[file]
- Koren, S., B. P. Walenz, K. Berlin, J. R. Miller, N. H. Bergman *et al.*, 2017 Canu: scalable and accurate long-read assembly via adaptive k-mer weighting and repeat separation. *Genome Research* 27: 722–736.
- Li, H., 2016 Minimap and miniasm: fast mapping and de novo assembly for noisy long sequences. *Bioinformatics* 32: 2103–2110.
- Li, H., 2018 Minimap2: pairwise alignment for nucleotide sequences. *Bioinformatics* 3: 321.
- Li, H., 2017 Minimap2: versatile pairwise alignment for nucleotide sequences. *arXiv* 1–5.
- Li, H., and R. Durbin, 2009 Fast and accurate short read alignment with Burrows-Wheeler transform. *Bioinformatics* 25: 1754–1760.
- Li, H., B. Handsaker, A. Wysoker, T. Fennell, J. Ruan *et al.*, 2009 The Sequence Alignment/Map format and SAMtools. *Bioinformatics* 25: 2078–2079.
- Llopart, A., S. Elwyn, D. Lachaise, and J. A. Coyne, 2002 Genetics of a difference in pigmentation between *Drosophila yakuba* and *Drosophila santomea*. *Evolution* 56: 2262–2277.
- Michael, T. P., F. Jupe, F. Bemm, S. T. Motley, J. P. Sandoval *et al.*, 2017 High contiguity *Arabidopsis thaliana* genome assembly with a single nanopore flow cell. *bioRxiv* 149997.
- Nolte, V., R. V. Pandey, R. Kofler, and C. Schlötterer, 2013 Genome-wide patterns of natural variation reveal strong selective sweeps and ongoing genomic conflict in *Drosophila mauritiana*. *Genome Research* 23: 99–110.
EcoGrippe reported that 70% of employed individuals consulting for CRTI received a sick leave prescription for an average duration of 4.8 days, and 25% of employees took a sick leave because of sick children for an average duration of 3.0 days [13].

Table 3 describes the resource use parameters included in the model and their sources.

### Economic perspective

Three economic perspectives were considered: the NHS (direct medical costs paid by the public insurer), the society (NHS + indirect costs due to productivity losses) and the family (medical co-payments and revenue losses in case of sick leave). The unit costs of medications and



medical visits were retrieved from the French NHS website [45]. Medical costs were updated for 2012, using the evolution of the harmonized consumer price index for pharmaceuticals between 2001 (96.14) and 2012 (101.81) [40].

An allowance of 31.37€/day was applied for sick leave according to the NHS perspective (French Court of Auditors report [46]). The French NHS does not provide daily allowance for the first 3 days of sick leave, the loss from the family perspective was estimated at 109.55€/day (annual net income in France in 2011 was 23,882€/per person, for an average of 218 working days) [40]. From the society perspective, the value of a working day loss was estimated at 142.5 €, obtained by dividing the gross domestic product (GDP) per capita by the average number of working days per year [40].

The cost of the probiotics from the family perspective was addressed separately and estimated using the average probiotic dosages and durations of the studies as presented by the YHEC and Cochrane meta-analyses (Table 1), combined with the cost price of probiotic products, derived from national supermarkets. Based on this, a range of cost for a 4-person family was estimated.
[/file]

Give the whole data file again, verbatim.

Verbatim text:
- Koren, S., B. P. Walenz, K. Berlin, J. R. Miller, N. H. Bergman *et al.*, 2017 Canu: scalable and accurate long-read assembly via adaptive k-mer weighting and repeat separation. *Genome Research* 27: 722–736.
- Li, H., 2016 Minimap and miniasm: fast mapping and de novo assembly for noisy long sequences. *Bioinformatics* 32: 2103–2110.
- Li, H., 2018 Minimap2: pairwise alignment for nucleotide sequences. *Bioinformatics* 3: 321.
- Li, H., 2017 Minimap2: versatile pairwise alignment for nucleotide sequences. *arXiv* 1–5.
- Li, H., and R. Durbin, 2009 Fast and accurate short read alignment with Burrows-Wheeler transform. *Bioinformatics* 25: 1754–1760.
- Li, H., B. Handsaker, A. Wysoker, T. Fennell, J. Ruan *et al.*, 2009 The Sequence Alignment/Map format and SAMtools. *Bioinformatics* 25: 2078–2079.
- Llopart, A., S. Elwyn, D. Lachaise, and J. A. Coyne, 2002 Genetics of a difference in pigmentation between *Drosophila yakuba* and *Drosophila santomea*. *Evolution* 56: 2262–2277.
- Michael, T. P., F. Jupe, F. Bemm, S. T. Motley, J. P. Sandoval *et al.*, 2017 High contiguity *Arabidopsis thaliana* genome assembly with a single nanopore flow cell. *bioRxiv* 149997.
- Nolte, V., R. V. Pandey, R. Kofler, and C. Schlötterer, 2013 Genome-wide patterns of natural variation reveal strong selective sweeps and ongoing genomic conflict in *Drosophila mauritiana*. *Genome Research* 23: 99–110.
EcoGrippe reported that 70% of employed individuals consulting for CRTI received a sick leave prescription for an average duration of 4.8 days, and 25% of employees took a sick leave because of sick children for an average duration of 3.0 days [13].

Table 3 describes the resource use parameters included in the model and their sources.

### Economic perspective

Three economic perspectives were considered: the NHS (direct medical costs paid by the public insurer), the society (NHS + indirect costs due to productivity losses) and the family (medical co-payments and revenue losses in case of sick leave). The unit costs of medications and



medical visits were retrieved from the French NHS website [45]. Medical costs were updated for 2012, using the evolution of the harmonized consumer price index for pharmaceuticals between 2001 (96.14) and 2012 (101.81) [40].

An allowance of 31.37€/day was applied for sick leave according to the NHS perspective (French Court of Auditors report [46]). The French NHS does not provide daily allowance for the first 3 days of sick leave, the loss from the family perspective was estimated at 109.55€/day (annual net income in France in 2011 was 23,882€/per person, for an average of 218 working days) [40]. From the society perspective, the value of a working day loss was estimated at 142.5 €, obtained by dividing the gross domestic product (GDP) per capita by the average number of working days per year [40].

The cost of the probiotics from the family perspective was addressed separately and estimated using the average probiotic dosages and durations of the studies as presented by the YHEC and Cochrane meta-analyses (Table 1), combined with the cost price of probiotic products, derived from national supermarkets. Based on this, a range of cost for a 4-person family was estimated.